We need the USDA to refocus its priorities on food for people and environmental sustainability.

Hey—I can dream.

Feb 5 2024

Industry-funded study of the week: marketing, not science

I have long argued that industry funded studies are about marketing, not science.

Here is a prime example (it caught my eye in Food News from the Institute of Food Technologists).

PR Newswire Cornell University partners with Danone and Symbrosia for new study: The study will aim to prove oil-based seaweed product has the potential to be more effective than existing solutions.  Read More

I went right to the source: a press release from Danone, North America: Cornell University College of Agriculture and Life Sciences Study, in partnership with Symbrosia and Danone North America, Aims to Prove Effectiveness of Seaweed Oil Extract for Livestock Methane Reduction.

Symbrosia, a Hawaii-based cleantech startup that uses seaweed to drastically reduce livestock methane emissions, is excited to announce a study with Cornell University’s College of Agriculture and Life Sciences (Cornell CALS), supported by Danone North America, a leading food and beverage company. Designed by Associate Professor Joe McFadden, the study aims to prove the effectiveness of an Asparagopsis-based seaweed oil extract for reducing livestock methane emissions compared to Symbrosia’s existing freeze-dried seaweed products…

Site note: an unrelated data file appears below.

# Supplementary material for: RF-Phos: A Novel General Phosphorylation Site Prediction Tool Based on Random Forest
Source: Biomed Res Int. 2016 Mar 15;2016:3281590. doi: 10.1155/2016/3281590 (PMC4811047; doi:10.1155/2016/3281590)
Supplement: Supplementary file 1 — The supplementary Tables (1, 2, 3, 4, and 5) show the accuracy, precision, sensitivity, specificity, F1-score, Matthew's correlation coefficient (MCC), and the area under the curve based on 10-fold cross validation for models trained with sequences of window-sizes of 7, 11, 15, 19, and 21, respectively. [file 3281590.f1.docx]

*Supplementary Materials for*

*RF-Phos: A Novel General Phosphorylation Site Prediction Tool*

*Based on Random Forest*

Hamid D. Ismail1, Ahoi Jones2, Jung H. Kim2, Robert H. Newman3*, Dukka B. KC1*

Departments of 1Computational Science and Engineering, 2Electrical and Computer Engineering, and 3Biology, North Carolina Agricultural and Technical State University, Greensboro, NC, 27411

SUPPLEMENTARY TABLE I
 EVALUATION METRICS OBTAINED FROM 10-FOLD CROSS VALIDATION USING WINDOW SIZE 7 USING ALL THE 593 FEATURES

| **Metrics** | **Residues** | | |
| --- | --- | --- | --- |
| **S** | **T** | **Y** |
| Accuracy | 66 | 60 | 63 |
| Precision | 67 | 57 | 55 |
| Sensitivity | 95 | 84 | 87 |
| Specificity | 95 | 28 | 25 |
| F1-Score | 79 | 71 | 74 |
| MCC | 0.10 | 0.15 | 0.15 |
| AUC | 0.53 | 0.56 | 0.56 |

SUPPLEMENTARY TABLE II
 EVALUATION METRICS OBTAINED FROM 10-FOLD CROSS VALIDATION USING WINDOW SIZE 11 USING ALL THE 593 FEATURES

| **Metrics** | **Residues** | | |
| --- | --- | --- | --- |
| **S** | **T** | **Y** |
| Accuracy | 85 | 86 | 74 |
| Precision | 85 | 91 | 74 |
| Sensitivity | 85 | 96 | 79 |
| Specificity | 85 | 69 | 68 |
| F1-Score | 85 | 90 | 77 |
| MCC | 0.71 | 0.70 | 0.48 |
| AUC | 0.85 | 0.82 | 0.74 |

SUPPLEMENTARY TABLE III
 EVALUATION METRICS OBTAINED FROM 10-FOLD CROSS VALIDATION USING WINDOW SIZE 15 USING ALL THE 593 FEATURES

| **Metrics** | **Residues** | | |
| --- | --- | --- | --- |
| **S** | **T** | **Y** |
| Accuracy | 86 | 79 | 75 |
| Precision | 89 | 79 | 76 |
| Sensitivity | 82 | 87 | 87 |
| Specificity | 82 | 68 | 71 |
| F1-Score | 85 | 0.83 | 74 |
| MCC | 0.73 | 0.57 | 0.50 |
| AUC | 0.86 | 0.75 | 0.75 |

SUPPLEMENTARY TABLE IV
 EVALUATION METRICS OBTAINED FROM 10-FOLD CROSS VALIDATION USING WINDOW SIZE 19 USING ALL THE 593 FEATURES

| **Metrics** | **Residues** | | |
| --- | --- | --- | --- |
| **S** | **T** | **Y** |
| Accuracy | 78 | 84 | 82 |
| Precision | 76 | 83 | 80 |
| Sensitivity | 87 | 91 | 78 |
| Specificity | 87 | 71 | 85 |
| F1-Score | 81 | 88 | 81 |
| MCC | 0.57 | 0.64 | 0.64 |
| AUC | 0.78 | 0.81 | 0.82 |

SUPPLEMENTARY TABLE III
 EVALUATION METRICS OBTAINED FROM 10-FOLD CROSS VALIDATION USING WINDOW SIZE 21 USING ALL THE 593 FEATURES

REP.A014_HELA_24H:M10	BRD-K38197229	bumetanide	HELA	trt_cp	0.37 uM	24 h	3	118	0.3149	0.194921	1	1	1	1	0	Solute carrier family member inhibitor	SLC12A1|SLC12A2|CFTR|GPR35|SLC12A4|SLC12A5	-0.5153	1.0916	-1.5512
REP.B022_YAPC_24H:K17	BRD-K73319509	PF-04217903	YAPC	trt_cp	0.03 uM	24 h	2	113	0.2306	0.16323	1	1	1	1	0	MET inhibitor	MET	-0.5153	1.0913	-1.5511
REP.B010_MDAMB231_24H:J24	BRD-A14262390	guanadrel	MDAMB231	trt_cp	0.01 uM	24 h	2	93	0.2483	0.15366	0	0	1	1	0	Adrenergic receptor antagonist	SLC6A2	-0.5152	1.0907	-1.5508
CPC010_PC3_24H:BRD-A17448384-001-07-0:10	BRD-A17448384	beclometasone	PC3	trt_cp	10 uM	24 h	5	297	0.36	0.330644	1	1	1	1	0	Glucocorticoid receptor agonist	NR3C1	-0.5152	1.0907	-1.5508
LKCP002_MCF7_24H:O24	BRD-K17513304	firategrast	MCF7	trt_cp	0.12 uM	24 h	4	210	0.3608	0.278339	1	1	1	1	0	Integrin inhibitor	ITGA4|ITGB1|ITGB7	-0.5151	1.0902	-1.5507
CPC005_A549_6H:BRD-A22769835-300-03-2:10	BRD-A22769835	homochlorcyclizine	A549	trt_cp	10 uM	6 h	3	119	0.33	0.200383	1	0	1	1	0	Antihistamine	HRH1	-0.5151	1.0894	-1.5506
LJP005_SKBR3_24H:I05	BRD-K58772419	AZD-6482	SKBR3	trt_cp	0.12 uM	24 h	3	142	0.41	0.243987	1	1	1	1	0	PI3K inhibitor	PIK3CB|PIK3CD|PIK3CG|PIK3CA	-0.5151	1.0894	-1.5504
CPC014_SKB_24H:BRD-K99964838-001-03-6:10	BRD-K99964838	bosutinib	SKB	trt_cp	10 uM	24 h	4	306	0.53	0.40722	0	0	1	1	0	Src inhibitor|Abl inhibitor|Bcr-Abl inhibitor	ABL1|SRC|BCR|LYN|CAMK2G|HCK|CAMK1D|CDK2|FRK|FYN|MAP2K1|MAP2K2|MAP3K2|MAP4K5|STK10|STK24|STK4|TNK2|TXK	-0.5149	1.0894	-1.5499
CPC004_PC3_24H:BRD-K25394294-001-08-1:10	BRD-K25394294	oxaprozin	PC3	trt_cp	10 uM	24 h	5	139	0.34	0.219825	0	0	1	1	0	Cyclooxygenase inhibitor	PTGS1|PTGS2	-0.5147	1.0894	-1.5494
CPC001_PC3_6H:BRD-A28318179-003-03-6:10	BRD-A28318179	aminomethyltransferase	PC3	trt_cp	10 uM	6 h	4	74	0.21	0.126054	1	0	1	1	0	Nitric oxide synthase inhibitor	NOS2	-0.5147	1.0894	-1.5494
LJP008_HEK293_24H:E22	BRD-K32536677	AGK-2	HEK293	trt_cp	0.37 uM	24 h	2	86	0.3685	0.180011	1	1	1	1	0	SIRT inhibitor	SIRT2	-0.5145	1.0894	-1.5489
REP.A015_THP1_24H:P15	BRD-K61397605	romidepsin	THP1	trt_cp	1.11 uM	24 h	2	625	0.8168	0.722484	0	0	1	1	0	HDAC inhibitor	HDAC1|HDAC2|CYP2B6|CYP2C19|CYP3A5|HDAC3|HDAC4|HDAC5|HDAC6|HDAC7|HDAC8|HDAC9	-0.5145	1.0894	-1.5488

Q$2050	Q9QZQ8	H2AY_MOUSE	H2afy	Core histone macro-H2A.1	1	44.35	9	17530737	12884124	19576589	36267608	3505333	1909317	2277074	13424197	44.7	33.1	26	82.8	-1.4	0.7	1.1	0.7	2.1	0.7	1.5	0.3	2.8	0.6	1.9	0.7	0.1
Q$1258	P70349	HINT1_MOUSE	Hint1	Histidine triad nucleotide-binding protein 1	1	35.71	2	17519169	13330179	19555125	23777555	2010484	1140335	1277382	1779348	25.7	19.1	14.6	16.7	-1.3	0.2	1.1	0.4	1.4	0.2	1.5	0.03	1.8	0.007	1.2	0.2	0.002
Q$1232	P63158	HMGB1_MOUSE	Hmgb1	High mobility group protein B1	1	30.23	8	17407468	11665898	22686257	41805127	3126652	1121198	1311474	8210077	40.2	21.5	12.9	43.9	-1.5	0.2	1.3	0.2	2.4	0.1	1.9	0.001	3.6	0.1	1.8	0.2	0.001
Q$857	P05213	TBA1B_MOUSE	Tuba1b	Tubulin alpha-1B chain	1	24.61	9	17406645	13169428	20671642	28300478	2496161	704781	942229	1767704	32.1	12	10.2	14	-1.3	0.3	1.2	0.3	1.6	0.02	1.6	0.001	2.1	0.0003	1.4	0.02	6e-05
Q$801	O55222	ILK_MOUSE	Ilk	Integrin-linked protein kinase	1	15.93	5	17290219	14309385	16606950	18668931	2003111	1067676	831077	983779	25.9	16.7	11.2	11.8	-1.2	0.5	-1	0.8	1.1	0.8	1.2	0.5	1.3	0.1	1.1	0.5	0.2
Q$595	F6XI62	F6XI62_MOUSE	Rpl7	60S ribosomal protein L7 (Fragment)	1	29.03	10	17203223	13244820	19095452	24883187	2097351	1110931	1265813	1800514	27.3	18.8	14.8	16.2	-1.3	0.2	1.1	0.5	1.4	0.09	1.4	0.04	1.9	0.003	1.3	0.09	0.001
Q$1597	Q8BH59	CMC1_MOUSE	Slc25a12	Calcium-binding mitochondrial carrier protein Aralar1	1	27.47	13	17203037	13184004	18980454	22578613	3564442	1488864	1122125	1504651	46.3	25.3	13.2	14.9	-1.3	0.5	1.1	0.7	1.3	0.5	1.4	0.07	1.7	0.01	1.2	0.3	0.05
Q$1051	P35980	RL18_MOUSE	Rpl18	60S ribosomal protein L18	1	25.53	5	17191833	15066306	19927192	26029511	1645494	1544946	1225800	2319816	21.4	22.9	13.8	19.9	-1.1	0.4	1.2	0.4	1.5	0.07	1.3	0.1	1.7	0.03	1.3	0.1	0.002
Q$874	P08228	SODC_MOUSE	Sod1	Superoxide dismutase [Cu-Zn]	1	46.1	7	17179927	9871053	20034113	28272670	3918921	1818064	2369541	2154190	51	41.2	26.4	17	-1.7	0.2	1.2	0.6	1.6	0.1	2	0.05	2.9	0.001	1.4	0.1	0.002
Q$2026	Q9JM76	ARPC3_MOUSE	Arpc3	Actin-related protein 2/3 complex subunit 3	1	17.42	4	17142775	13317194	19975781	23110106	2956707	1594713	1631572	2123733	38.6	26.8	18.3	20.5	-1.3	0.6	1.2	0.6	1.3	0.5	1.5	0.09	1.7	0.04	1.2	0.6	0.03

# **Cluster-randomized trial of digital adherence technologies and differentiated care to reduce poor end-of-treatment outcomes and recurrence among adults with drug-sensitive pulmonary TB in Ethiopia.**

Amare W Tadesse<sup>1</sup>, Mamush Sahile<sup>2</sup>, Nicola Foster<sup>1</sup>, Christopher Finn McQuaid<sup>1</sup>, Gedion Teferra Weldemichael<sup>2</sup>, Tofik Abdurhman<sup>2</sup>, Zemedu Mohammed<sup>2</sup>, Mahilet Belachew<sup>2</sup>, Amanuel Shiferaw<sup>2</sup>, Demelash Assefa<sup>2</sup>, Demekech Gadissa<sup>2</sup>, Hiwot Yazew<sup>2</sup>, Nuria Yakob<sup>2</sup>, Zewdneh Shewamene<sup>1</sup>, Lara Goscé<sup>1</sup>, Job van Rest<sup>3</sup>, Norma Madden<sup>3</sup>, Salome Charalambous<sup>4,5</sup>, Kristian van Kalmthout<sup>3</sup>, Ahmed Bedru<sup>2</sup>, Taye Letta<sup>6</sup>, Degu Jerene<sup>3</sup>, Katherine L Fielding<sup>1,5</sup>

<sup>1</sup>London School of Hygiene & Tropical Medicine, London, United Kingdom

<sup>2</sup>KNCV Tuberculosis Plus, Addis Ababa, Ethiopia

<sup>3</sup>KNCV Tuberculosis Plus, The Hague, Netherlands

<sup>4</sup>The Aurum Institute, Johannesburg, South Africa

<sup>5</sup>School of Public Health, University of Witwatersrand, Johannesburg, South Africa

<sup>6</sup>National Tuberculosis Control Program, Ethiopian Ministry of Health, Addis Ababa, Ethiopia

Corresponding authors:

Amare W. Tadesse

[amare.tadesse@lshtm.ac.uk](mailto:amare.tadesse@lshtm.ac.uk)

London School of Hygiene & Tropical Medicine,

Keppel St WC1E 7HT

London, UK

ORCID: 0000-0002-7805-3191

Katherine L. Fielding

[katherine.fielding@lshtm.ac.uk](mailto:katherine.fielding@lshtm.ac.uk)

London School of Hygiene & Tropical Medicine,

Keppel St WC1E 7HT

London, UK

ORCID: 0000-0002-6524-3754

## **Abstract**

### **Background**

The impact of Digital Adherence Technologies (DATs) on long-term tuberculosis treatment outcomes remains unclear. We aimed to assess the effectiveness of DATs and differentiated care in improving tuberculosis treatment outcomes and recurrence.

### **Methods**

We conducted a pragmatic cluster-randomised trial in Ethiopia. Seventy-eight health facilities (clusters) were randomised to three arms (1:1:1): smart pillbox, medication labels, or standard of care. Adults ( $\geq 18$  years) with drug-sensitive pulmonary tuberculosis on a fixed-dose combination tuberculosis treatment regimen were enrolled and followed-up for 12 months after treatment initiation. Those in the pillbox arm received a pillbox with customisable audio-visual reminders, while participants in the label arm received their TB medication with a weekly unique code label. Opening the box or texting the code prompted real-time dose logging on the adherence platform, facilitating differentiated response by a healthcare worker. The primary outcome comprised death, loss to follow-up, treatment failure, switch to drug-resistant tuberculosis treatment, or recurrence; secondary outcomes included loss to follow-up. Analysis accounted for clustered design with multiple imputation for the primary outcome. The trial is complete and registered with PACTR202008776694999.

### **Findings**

As the press release explains, “The team’s plan [is] to ensure the study’s impact on the environment and sustainable agriculture is maximized.”

Thus, the purpose of this study—and the teams’ design plan—is explicit: to prove the superiority of this product.  That’s marketing, not science.

If it were about science, the investigators would design their study to find out which product does a better job of reducing methane emissions, if any.  This may sound like a subtle difference, but it is anything but.

Research on the effects of industry funding—“the funding effect”—shows how easy it is to design studies to give desired answers.  These researchers should be doing everything possible to make sure their study design is as objective as possible.